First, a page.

Figure 5:

We consider in this example the squared-Euclidean distance on grids as the ground metric cost. We study the iso-barycenter of the four shapes presented in Figure 4 using two different discrepancy functions, Cλ and Dλ. (Left) Barycenter obtained using algorithm 2 of Solomon et al. (2015), itself a specialized version of Benamou, Carlier, Cuturi, Nenna, and Peyré's (2014) algorithm. We used a 10-10 tolerance for the l1 norm between two successive iterates as a stopping criterion). (Right) Dλ left-barycenter obtained with our accelerated gradient approach. We use a jet color map to highlight differences in the support of the barycenters. As expected, the entropy of the Cλ barycenter is higher than that of the Dλ left barycenter, since the latter optimization incorporates a penalization term, -Cλ(p,K˜λp), which is equivalent to penalizing the entropy of the solution p. This difference in entropy results in subtle yet visible differences between the two solutions, with sharper edges for the Dλ left barycenter.

7  Preliminary Simulations

It is important to study properties of the two D-barycenters, theoretically as well as by simulations. However, we need enough computational facilities for large-scale simulations. Here, we use the simple exponentiated gradient descent algorithm to obtain the D-barycenters as a preliminary study. We will explore more detailed study in forthcoming papers.

The exponentiated gradient updates the current q(p) to the next q as follows:
Update:qi'qiexp{-ηD},
(7.1)
Normalize:qi*=qi'qj',
(7.2)
giving the next candidate q* in the case of the right D-barycenter, where is the gradient operator /qi. Here, η is a learning constant. (The same holds by using p instead of q for the left D-barycenter.) As initial q(p), we used the C-barycenter, which is easy to compute using Benamou et al. (2014).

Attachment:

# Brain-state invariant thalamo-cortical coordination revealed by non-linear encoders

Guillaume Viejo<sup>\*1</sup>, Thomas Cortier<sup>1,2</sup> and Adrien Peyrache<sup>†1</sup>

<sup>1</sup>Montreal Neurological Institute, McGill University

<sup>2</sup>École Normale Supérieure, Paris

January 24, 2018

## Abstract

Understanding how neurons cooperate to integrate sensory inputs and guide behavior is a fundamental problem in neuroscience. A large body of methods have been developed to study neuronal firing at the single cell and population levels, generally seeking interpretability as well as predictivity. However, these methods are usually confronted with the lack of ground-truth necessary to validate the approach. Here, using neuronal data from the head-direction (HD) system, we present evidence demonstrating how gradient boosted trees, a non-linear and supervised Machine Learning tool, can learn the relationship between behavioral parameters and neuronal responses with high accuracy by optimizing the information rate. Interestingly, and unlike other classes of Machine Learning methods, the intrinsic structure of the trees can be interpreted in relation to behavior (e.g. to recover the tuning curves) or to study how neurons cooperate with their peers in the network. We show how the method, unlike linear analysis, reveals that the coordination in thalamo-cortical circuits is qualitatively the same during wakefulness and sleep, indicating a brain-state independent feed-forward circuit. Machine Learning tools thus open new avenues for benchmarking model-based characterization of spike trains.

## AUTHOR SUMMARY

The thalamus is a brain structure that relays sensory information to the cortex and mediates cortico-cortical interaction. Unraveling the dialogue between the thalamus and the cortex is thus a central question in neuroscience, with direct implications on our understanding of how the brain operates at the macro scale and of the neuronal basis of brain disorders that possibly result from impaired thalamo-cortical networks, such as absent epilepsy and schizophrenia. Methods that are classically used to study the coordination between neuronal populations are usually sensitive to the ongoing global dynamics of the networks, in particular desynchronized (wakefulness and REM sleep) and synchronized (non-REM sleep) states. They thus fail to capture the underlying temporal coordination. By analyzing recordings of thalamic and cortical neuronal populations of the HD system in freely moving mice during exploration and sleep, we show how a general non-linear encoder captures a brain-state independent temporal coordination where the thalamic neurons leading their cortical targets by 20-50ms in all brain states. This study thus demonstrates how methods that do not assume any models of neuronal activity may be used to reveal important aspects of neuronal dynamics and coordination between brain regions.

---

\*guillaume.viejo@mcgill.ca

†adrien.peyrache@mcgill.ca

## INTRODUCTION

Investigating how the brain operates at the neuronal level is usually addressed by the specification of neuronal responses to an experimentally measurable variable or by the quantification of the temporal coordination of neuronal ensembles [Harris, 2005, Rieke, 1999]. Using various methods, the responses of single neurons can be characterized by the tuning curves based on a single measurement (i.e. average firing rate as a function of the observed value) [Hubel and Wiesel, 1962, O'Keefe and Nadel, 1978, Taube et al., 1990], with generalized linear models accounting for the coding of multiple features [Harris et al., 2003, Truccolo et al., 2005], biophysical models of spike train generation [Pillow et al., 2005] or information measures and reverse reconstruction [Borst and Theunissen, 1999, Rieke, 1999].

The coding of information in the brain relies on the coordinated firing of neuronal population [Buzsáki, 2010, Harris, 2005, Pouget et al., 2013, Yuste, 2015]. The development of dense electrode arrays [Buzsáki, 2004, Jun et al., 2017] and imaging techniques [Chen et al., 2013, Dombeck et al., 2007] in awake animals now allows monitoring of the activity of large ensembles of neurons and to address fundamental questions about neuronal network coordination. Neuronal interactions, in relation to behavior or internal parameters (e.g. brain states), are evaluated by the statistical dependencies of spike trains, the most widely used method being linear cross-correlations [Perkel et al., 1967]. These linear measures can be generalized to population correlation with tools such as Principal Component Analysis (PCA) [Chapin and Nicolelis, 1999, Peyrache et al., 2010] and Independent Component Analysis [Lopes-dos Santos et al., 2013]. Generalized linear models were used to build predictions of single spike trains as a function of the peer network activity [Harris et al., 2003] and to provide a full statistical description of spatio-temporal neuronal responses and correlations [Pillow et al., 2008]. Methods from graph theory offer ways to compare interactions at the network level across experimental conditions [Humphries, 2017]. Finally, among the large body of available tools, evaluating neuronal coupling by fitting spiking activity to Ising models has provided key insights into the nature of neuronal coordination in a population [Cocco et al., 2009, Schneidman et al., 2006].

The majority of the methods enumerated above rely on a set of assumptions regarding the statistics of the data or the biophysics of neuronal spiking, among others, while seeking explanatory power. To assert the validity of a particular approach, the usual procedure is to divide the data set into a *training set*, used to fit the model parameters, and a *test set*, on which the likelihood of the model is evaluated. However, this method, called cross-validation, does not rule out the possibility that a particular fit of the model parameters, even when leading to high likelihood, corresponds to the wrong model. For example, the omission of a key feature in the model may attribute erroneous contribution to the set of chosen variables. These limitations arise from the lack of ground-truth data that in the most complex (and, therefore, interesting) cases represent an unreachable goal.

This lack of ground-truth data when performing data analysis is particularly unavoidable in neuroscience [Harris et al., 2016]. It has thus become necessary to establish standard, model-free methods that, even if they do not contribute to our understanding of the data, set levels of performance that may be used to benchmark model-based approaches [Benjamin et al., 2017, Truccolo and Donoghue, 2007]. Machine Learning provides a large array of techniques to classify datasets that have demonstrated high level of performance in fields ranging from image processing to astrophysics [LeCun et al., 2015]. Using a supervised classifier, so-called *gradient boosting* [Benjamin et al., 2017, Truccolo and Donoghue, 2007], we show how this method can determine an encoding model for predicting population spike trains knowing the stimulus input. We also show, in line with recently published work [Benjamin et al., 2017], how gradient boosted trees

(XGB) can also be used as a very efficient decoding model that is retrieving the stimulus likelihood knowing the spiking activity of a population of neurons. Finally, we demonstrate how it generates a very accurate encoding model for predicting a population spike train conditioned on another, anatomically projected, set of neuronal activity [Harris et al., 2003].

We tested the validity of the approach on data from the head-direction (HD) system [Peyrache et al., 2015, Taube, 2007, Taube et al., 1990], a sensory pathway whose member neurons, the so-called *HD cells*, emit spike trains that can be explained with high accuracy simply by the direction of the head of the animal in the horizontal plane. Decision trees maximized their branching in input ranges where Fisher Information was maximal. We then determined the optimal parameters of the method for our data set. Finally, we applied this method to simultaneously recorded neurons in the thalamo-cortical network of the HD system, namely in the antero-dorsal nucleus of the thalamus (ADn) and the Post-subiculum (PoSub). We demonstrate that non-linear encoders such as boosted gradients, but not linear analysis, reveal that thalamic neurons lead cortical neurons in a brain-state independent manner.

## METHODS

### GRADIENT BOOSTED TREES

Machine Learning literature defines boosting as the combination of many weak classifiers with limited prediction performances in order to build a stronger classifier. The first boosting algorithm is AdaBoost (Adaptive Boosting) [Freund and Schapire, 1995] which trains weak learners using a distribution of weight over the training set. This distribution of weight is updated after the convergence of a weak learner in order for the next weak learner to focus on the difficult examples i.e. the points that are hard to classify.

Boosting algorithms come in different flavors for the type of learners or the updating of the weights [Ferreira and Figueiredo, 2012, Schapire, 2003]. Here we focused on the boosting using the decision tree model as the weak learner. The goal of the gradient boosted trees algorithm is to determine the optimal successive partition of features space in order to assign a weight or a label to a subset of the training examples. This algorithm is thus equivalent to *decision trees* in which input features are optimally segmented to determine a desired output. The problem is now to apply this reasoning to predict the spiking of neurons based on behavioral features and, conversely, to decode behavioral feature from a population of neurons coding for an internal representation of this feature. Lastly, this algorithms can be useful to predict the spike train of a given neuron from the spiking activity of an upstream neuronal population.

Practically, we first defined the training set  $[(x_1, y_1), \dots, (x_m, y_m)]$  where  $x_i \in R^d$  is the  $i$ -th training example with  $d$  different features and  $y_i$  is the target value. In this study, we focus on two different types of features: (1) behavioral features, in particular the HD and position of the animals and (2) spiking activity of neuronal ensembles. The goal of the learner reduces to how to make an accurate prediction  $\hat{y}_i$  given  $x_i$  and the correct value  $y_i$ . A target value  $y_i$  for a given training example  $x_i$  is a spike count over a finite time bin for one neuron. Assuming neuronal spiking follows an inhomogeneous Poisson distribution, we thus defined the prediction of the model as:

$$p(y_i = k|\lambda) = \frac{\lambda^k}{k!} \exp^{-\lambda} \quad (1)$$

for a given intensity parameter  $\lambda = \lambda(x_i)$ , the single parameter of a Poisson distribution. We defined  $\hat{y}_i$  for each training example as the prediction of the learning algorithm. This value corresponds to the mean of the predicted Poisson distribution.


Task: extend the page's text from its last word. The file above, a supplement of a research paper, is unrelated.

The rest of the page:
We study a toy model searching for the barycenters of the two patterns: a large square and a small square, shown in Figure 6a. We compare the C-, right D-, and left D-barycenters shown in Figure 6b. Both D-barycenters give a sharper result compared to the C-barycenter for various λ. However, the right and left D-barycenters are very similar. Further studies are necessary to compare the two.

Figure 6:

(a) Input images of two squares. A large square and a small square are located in a 50×50 pixel space. (b) The barycenters of the squares. The numerical value on each figure is the entropy of the barycenter.

Figure 6:

(a) Input images of two squares. A large square and a small square are located in a 50×50 pixel space. (b) The barycenters of the squares. The numerical value on each figure is the entropy of the barycenter.

8  Conclusion

We defined new divergences between two probability distributions based on the C-function, which is the entropy-regularized cost function (Cuturi, 2013). Although it is useful in many applications, it does not satisfy the criterion of a distance or divergence. We defined a new divergence function Dλ derived from Cλ, which works better than the original Cλ for some problems—in particular, the barycenter problem. We proved that the minimizer of Cλ(p,q) is given by K˜λp, where K˜λ is a diffusion operator depending on the base metric M. We studied properties of K˜λ showing how it changes as λ increases, elucidating properties of Dλ.

We applied Dλ to obtain the barycenter of a cluster of image patterns. It is proved that the right and left D-barycenters keep a good property that the shape and locations of patterns are separated, a merit of the C-function based barycenter. Moreover, the D-barycenters give even a sharper shape than the C-barycenter.